I remember the first time as a boy I saw up close the water in the Baptismal Font. I remember thinking then how the water seemed so ordinary, as if there was nothing special about it. That may be how it appears, but the spiritual reality is much more! Dr. Luther, in the hymn he wrote about Baptism, put it this way:

And though our mortal eye is dim / And sees but simple water;

Faith sees Christ Jesus, and in Him / the Lamb ordained for slaughter.

We see the cleansing fountain, red / with the dear blood of Jesus,

Which, from all sins inherited / And our misdeeds, can free us;

Eternal life bestowing. (ELH, 247:7)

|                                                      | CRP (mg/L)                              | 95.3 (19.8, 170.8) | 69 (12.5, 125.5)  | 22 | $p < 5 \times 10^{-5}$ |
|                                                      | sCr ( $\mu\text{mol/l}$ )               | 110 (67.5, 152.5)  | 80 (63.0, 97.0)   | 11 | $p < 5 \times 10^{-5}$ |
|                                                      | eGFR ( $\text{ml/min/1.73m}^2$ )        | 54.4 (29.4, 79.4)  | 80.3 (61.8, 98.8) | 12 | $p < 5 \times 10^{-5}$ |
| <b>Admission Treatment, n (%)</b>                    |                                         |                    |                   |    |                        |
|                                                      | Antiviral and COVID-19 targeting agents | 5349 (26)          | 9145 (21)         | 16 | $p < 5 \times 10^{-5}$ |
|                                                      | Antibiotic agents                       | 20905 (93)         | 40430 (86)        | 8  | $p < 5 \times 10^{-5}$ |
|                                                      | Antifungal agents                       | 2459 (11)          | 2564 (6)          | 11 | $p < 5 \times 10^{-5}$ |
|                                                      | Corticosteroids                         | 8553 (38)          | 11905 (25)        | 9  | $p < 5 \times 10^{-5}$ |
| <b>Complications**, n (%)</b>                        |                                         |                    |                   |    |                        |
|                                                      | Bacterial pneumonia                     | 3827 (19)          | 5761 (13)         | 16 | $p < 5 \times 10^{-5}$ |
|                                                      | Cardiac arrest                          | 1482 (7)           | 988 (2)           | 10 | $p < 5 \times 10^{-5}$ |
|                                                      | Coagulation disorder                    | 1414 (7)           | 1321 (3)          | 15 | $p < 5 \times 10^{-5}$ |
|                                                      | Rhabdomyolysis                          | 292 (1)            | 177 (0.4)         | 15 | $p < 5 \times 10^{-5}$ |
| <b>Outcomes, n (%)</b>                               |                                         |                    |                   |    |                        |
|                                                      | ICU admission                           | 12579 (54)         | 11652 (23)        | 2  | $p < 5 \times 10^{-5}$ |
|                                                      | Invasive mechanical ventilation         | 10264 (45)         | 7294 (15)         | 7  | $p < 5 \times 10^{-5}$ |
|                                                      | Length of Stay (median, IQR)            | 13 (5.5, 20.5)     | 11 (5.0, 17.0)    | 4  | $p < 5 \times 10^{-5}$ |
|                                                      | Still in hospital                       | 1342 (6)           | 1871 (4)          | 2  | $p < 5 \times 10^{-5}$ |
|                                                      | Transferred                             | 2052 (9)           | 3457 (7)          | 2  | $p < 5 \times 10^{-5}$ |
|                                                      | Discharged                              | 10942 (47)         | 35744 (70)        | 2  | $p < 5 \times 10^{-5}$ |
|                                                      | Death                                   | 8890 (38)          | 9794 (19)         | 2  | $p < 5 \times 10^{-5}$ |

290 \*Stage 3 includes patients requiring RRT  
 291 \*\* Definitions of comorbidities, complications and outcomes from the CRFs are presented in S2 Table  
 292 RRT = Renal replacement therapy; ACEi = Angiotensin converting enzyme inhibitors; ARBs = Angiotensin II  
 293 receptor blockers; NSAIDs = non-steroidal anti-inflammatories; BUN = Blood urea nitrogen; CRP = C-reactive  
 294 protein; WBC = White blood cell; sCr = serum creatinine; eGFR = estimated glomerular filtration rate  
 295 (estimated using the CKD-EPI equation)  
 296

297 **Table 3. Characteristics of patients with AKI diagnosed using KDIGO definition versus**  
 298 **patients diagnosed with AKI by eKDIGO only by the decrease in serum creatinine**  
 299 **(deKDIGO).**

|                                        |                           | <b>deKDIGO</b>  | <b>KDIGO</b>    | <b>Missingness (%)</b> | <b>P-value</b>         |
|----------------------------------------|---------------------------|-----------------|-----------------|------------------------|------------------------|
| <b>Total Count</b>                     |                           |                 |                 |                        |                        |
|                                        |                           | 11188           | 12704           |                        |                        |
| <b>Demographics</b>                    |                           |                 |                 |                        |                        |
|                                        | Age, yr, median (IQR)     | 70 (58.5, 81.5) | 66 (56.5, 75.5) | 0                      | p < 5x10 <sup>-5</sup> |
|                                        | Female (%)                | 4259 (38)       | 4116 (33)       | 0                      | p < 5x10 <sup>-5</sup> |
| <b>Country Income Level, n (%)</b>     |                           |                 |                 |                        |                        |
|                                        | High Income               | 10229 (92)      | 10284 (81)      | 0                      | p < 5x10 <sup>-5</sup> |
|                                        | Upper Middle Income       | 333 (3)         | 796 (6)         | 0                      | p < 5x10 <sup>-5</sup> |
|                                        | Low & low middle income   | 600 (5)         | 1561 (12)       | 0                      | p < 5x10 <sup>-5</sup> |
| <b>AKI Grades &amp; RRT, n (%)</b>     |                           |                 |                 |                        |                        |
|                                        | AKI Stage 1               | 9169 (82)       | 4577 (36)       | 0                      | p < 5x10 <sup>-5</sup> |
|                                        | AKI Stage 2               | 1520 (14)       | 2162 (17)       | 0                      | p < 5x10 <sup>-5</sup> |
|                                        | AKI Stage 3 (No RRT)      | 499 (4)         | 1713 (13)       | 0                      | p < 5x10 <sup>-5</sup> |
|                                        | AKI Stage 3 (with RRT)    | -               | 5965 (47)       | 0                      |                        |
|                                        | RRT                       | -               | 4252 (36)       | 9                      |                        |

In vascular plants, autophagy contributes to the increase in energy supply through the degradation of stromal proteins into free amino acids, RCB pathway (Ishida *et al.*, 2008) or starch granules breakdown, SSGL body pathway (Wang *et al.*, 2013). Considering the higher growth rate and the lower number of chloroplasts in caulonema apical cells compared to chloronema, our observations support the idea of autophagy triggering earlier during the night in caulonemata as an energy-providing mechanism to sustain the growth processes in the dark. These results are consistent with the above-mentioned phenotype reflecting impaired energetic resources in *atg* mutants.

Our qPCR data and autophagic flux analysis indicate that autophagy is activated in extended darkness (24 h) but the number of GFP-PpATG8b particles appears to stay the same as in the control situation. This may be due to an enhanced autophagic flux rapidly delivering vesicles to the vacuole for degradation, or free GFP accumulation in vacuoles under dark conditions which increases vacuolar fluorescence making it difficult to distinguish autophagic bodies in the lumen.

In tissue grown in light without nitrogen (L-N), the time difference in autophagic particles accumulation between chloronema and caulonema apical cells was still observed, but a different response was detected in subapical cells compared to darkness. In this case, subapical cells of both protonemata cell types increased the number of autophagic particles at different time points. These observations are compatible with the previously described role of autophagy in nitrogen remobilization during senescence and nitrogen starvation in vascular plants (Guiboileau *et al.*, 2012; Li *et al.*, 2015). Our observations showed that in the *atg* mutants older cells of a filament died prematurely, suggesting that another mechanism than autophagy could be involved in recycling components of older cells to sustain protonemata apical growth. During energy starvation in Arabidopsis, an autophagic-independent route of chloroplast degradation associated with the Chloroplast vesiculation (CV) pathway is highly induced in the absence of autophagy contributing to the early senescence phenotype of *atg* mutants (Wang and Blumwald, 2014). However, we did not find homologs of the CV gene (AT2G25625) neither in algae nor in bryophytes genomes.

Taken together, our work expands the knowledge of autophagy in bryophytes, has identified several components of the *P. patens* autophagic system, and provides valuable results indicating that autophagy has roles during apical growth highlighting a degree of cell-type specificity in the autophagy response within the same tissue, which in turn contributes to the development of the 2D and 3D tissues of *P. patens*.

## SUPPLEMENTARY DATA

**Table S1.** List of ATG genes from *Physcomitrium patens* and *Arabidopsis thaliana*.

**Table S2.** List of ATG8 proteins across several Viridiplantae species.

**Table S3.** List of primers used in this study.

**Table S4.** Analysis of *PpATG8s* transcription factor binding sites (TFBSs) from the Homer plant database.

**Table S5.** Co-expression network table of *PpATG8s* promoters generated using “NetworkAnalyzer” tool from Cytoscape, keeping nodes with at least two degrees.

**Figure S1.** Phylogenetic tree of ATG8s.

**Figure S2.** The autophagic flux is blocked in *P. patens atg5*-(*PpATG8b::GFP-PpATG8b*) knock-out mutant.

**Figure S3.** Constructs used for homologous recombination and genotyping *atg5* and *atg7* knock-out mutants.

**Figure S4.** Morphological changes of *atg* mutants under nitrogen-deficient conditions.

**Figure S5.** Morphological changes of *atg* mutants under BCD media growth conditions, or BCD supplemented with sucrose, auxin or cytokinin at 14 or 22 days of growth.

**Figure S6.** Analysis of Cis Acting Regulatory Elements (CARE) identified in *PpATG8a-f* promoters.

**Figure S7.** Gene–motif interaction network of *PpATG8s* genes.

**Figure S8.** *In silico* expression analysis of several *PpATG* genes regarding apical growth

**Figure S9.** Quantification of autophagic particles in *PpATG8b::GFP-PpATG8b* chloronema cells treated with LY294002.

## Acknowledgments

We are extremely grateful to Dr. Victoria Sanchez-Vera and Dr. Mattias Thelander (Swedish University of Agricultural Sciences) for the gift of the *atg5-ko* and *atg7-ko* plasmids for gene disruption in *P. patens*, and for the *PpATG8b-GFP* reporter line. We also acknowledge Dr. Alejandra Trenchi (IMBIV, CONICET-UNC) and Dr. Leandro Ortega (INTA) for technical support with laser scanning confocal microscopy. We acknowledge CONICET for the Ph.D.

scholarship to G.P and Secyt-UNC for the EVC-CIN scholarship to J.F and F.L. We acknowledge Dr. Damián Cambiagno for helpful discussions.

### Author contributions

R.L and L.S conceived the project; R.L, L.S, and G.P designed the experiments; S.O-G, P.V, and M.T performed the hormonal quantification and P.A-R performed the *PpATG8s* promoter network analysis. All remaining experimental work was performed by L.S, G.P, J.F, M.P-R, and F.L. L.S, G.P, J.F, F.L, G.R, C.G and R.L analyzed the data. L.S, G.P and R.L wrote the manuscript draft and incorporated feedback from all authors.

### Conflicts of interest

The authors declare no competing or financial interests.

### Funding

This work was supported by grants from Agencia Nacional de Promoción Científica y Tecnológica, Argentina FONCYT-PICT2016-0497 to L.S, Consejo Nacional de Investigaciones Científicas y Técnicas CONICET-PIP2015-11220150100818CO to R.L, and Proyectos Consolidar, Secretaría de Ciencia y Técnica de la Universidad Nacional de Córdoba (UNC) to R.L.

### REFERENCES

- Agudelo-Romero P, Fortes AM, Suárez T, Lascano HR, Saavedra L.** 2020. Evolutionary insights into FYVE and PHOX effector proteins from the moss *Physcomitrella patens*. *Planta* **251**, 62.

The simple waterincluded in God's command and combined with God's wordworks forgiveness of sins, rescues from death and the devil, and gives eternal life to all who believe. With the word of God, the simple water is life-giving water, rich in grace, that washed us clean and clothed us in the white robe of Christ's righteousness. If you have not been baptized and ask, as did those hearing St. Peter's sermon, "What must I do to be saved?" Hear St. Peter's answer: "Repent and be baptized, every one of you, in the name of Jesus Christ for the forgiveness of your sins and you shall receive the gift of the Holy Spirit." If you have been baptized, live in that forgiveness of sins, for, as Dr. Luther wrote in the first of his 95 Theses, "the entire life of believers [is] to be one of repentance." To Baptism we all return by daily contrition and repentance, drowning our sinful natures with their evil desires, so that a redeemed nature arises and lives before God in righteousness and purity forever. When we individually repent and believe that Jesus died for us, God forgives our sinour sin of lacking missionary vision, doubting how He adds to His Church, or whatever our sin might be, and He even forgives our sinful natures themselves.